Cholesterol is a picky little thing: you have both bad and good cholesterol, and your levels can fluctuate slightly depending on what you eat. The impact of food on cholesterol levels may not appear significant at first glance, given that your liver is your primary source of cholesterol, producing approximately 85 percent of the cholesterol in your blood.
However, foods high in cholesterol are also high in saturated fats and, in some cases, trans fats. Animal products, such as fatty meats, high-fat dairy products, poultry skin, and baked goods, are high in saturated fat and cholesterol. Eating those foods may increase your LDL and decrease your HDL, causing plaque in your arteries and eventually leading to heart disease.
In a variety of ways, your diet influences your overall risk for a variety of conditions. Why are you interested in cholesterol? Because it increases the risk of heart disease. So, in reality, we’re attempting to prevent heart disease.
Seeds and nuts
Try a handful of nuts the next time you’re looking for a little crunch or a snack between meals. If you eat walnuts, almonds, hazelnuts, chia seeds, and flax seeds regularly and use them to replace other crunchy, salty snack foods, they have been shown to increase HDL and lower LDL and triglycerides.
These are filling and can also be added to meals to add flavor and nutrition. Sprinkle pepitas or sunflower seeds on salads, or mix chia and flax seeds into oats, whole-grain pancakes, or Greek yogurt. This is a very satisfying food category that can help if you eat many plant-based foods.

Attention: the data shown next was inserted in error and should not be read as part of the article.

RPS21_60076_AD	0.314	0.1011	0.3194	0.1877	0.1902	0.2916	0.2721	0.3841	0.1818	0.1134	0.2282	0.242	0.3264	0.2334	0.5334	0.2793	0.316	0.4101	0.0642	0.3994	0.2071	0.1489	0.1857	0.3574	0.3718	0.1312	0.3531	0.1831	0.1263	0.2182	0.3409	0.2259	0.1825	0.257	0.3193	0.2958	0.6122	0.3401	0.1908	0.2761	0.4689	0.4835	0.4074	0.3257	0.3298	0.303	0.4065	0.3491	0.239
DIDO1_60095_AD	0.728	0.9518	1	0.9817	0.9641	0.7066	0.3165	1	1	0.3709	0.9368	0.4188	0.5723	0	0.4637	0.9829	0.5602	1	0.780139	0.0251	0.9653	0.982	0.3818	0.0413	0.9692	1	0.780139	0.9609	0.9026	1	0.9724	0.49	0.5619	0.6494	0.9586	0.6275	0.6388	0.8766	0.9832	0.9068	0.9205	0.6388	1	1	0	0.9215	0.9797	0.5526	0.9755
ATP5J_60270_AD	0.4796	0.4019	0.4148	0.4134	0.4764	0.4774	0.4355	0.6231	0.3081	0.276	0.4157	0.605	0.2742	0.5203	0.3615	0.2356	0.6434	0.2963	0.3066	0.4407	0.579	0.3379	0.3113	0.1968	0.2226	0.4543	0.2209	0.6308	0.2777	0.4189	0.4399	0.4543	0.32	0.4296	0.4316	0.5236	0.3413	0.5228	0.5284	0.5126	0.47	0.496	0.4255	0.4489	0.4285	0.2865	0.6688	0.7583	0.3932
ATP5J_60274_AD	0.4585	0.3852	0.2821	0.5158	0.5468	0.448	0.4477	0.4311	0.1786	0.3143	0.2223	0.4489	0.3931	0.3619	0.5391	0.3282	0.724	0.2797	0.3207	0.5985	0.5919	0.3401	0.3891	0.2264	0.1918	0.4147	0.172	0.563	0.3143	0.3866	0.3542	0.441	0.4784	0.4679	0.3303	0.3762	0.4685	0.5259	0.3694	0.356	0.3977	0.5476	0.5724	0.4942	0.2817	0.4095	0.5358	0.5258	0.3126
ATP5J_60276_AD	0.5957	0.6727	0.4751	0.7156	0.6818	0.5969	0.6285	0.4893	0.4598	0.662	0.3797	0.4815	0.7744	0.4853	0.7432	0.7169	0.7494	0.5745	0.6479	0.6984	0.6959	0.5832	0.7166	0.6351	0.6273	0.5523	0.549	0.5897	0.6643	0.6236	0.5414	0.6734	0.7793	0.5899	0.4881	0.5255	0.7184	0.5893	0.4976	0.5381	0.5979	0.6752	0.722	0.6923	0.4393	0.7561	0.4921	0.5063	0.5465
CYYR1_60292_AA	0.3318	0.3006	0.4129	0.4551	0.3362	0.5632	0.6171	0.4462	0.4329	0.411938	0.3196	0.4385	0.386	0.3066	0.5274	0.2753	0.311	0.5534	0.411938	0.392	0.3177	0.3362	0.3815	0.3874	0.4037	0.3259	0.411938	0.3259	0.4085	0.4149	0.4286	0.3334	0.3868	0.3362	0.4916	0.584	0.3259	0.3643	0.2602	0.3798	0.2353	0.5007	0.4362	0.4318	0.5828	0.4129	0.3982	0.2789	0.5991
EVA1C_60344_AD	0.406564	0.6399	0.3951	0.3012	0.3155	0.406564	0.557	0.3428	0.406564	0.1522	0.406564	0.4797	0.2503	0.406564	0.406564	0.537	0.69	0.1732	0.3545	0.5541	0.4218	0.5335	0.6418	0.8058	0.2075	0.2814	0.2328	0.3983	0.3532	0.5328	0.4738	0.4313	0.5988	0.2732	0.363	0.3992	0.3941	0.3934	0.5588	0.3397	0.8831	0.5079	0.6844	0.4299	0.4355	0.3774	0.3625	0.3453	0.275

Avocados and olive oil
Extra virgin olive oil is low in saturated fat and high in monounsaturated fatty acids, both of which are beneficial to heart health and can raise HDL levels. Avocados have comparable properties.
Extra virgin olive oil and avocados should be used as a primary source of fat in a heart-healthy diet, replacing saturated fats such as butter, margarine, and white condiments such as mayonnaise, sour cream, and cream cheese. When you replace animal fats with plant fats, you will lower your cholesterol and improve your overall heart health.
Legumes, including dried beans like kidney beans or black beans, lentils, and split peas, are another source of soluble fiber. These are also high in protein and extremely filling, which helps to keep cravings at bay from one meal to the next. Legumes are also a great meat substitute, which helps lower cholesterol levels. They don’t spike your blood sugar as much as other carbohydrates, which can help control blood sugar.
Vegetables that aren’t starchy
Fill your plate with non-starchy vegetables like asparagus, Brussels sprouts, cabbage, broccoli, cauliflower, tomatoes, peppers, celery, carrots, leafy greens, and onions, which are low in calories, high in fiber, and high in protein. Increasing your intake of non-starchy vegetables while decreasing your intake of starches can also help lower triglycerides, which can be just as dangerous when elevated for developing heart disease.